Curriculum Terms and Concepts
Curriculum Terms and Concepts:
"It's the pedagogy, not the technology, that's the key. New technologies are unreliable, expensive, and something new that both teachers and students have to learn to use. Only when a technology allows use to reach a hitherto inaccessible educational goal, or to reach an existing goal more effectively, should we consider employing it.
"It's a mistake to put technology center-stage as we plan and execute educational reforms. Technology should hover shyly in the wings, ready to lend its power, but only as needed."
- George Brackett, author of educational software
On the definitions page, there is one sentence in red ink. Do you remember what it said?
On the web, unplanned teaching and learning is a recipe for wasting time.
This is not to say unplanned learning is impossible. But with a class full of students, telling them they're "on their own" to learn about the history of Chicago, is sure to result in a good number of them quickly getting diverted to the Chicago LovaBulls page.
If you're going to use new technologies in your lesson plan or curriculum, you need to think about how you're going to do it. The best way to do this is to write a curriculum or lesson plan.
In traditional teaching, the lesson plan (and any materials the students need) is all the teacher needs to teach the lesson. This is true with a web-based lesson or curriculum as well. The difference is: you need to create BOTH the plan AND the web pages to support the teaching and learning. The web site becomes the "materials" the students use to learn.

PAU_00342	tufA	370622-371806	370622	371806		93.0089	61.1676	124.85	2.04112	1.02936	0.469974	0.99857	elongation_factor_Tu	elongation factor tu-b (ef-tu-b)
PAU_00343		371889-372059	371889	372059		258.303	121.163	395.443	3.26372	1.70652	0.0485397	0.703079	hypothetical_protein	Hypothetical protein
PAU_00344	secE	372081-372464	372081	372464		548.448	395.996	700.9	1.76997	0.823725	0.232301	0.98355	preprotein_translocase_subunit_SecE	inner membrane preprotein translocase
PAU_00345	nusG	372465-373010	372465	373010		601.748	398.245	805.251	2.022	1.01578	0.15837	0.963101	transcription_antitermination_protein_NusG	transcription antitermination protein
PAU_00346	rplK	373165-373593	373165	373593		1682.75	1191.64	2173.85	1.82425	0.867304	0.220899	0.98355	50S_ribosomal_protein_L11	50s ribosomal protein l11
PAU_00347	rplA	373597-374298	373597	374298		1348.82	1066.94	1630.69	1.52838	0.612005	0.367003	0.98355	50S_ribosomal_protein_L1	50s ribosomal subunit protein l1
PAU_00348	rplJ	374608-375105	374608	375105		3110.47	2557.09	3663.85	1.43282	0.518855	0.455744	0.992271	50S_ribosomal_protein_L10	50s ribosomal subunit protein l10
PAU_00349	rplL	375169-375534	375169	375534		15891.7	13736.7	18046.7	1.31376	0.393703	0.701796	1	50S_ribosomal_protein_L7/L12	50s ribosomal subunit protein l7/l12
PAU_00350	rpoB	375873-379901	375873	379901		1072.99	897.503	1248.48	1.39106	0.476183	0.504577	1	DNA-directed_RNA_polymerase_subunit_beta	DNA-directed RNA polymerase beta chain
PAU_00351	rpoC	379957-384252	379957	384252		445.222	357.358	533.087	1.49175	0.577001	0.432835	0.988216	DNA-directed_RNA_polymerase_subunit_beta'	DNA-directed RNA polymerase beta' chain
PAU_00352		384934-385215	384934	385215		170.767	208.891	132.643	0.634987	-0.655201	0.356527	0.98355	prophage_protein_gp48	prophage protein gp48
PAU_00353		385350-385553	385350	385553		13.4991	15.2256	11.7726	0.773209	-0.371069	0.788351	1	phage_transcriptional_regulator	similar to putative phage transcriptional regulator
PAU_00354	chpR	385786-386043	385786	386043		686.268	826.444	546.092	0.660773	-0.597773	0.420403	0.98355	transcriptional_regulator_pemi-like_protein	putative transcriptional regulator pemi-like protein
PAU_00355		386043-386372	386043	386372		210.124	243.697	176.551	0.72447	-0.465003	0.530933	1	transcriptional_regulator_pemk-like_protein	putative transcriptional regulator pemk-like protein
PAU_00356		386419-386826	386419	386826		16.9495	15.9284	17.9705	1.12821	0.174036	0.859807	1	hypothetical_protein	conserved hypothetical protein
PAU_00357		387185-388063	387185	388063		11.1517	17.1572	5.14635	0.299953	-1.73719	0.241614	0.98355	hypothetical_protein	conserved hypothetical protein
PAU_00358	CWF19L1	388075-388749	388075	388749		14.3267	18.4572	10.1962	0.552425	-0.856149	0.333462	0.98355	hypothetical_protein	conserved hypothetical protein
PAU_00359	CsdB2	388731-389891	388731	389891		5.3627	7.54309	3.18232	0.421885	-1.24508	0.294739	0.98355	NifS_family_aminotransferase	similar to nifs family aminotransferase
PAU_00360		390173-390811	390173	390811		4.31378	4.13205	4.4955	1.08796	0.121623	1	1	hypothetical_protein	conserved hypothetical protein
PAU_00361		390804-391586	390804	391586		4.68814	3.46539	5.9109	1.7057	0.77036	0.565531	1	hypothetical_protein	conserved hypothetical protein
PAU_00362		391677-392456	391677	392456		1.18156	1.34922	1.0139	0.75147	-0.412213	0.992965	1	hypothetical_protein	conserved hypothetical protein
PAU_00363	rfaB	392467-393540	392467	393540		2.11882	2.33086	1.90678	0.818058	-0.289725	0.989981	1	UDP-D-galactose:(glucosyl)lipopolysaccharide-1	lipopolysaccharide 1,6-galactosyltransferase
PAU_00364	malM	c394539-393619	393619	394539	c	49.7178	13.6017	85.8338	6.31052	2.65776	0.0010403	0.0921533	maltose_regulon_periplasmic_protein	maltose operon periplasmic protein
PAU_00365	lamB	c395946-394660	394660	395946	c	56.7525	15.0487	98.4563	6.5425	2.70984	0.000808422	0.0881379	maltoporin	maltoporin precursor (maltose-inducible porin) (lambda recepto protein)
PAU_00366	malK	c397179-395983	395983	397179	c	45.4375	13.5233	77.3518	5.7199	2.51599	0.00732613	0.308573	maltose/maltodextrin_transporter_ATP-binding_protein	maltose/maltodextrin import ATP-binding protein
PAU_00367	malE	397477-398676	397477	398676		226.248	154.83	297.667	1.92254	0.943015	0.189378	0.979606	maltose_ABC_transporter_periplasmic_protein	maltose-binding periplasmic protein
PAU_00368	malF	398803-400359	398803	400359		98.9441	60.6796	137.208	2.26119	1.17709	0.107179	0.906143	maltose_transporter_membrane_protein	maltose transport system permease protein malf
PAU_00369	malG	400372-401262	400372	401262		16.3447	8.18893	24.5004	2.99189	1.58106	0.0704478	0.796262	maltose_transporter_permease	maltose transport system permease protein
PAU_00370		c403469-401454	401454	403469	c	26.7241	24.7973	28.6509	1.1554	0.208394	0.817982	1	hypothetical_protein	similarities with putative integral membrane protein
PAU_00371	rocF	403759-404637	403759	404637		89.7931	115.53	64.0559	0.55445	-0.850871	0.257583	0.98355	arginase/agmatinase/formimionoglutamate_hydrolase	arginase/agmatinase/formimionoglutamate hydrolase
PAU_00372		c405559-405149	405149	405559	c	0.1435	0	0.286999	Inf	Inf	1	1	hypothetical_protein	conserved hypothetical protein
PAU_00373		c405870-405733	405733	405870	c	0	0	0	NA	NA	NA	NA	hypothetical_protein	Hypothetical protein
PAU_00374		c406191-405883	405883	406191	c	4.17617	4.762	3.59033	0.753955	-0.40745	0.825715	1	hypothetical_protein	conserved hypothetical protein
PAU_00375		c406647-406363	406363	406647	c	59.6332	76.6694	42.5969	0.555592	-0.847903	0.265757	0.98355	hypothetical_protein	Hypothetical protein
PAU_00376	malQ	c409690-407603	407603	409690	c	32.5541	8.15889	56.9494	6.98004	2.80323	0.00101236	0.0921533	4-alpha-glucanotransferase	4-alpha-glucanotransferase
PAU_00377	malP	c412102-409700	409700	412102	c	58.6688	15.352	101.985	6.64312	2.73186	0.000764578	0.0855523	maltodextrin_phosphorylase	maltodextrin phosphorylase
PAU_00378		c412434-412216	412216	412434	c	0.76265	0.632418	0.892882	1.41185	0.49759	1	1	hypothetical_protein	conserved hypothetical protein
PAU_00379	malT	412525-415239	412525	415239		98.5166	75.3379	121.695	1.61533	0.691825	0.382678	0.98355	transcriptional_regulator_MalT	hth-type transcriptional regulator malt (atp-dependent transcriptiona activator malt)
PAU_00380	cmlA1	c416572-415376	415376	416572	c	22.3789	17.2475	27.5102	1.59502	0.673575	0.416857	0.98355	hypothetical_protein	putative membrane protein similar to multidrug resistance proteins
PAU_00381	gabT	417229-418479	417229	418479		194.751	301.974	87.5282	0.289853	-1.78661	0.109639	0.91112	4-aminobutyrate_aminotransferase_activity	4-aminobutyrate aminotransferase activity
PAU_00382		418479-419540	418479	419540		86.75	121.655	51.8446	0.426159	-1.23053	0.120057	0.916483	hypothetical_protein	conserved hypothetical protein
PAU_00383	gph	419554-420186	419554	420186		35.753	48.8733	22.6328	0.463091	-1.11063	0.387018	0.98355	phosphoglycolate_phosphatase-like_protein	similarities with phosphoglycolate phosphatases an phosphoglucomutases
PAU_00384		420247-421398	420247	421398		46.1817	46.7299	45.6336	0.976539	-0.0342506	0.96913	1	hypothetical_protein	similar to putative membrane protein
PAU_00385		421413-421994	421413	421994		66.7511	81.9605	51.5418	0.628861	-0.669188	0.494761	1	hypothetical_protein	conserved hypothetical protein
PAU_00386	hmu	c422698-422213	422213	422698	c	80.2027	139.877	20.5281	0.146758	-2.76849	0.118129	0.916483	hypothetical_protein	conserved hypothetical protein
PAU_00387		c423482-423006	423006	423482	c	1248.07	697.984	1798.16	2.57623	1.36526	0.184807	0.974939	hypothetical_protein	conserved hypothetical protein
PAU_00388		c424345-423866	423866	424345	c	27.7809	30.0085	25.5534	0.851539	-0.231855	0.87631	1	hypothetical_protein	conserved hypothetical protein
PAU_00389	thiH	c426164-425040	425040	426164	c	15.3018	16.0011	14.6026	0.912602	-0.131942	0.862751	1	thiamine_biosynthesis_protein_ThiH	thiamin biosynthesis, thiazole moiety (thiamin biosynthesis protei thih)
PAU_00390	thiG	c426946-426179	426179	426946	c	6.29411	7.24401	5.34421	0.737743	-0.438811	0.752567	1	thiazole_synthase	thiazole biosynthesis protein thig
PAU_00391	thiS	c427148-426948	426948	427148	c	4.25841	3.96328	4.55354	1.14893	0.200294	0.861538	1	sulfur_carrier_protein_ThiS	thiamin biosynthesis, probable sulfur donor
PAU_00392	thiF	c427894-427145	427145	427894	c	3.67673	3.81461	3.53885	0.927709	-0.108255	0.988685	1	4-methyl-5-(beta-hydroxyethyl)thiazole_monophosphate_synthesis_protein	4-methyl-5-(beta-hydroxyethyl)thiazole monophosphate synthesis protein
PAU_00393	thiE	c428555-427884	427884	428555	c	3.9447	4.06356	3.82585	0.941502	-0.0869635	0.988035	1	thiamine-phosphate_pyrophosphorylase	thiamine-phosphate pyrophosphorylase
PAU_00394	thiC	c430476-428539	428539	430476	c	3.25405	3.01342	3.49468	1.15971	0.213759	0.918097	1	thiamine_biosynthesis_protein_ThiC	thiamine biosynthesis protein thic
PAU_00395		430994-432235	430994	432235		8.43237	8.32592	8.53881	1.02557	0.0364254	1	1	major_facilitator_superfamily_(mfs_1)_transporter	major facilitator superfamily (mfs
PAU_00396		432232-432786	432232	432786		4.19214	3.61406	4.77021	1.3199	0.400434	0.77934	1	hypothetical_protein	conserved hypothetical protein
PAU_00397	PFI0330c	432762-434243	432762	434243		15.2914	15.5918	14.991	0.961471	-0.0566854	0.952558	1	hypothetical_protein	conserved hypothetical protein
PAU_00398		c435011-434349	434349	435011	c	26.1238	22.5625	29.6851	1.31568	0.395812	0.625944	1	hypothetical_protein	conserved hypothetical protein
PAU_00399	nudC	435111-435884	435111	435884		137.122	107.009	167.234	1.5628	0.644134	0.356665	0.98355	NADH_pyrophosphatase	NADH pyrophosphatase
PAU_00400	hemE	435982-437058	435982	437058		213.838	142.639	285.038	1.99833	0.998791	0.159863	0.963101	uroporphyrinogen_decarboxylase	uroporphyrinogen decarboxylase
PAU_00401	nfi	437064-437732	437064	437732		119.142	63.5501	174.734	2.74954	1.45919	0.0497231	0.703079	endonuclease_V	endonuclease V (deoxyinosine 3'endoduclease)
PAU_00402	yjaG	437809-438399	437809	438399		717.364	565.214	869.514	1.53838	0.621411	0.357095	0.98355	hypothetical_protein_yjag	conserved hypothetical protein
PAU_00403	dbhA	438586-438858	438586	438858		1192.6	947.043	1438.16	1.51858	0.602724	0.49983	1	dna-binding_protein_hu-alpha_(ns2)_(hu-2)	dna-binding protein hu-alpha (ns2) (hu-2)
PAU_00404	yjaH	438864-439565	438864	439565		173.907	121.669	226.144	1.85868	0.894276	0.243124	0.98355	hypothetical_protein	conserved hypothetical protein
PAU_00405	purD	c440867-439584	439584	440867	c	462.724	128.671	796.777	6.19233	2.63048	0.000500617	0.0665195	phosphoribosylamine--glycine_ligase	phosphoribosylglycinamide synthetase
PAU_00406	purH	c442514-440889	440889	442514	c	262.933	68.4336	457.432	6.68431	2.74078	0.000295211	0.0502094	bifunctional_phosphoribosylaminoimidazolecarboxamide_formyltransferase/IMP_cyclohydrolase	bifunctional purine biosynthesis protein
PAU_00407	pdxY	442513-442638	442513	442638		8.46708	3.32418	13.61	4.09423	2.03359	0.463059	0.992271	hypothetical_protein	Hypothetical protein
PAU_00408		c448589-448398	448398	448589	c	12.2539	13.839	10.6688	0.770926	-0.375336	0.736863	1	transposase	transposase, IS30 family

By carefully planning what materials will be most useful, and at which point in the lesson, the teacher will produce a more effective and engaging web site.
The "complete curriculum" includes a "teaching" or "curriculum" guide, that spells out a curriculum or lesson's aims and methods. It says to the teacher: "here's what this is trying to do and here's how to use this web site to help you."
It includes a set of elements that describe your goals and help the teacher (whether that's you or some other teacher) use the lesson or curriculum effectively.
We hope you'll really spend some time thinking about your WIT lesson or curriculum, since it may be the first time you get to really think about how to use the Internet with your students to help in your classroom. If you've carefully planned the lesson or unit, when you use in next school year you'll be happy with the results.
The contents of the Web Institute Web Site, including the On-Line Curriculum, Web Tank, and Session Notes, are Copyright 1999-2000, Graham School of General Studies, University of Chicago. No one may print, copy, or otherwise reproduce these materials without the express written permission of the Director of Education Programs at the Graham School. All rights reserved.
The chapters from Curriculum Webs: A Practical Guide to Weaving the Web into Teaching and Learning are Copyright 1999-2000, Craig A. Cunningham and Marty Billingsley. No one may print, copy, or otherwise reproduce these materials without the express written permission of the authors. All rights reserved.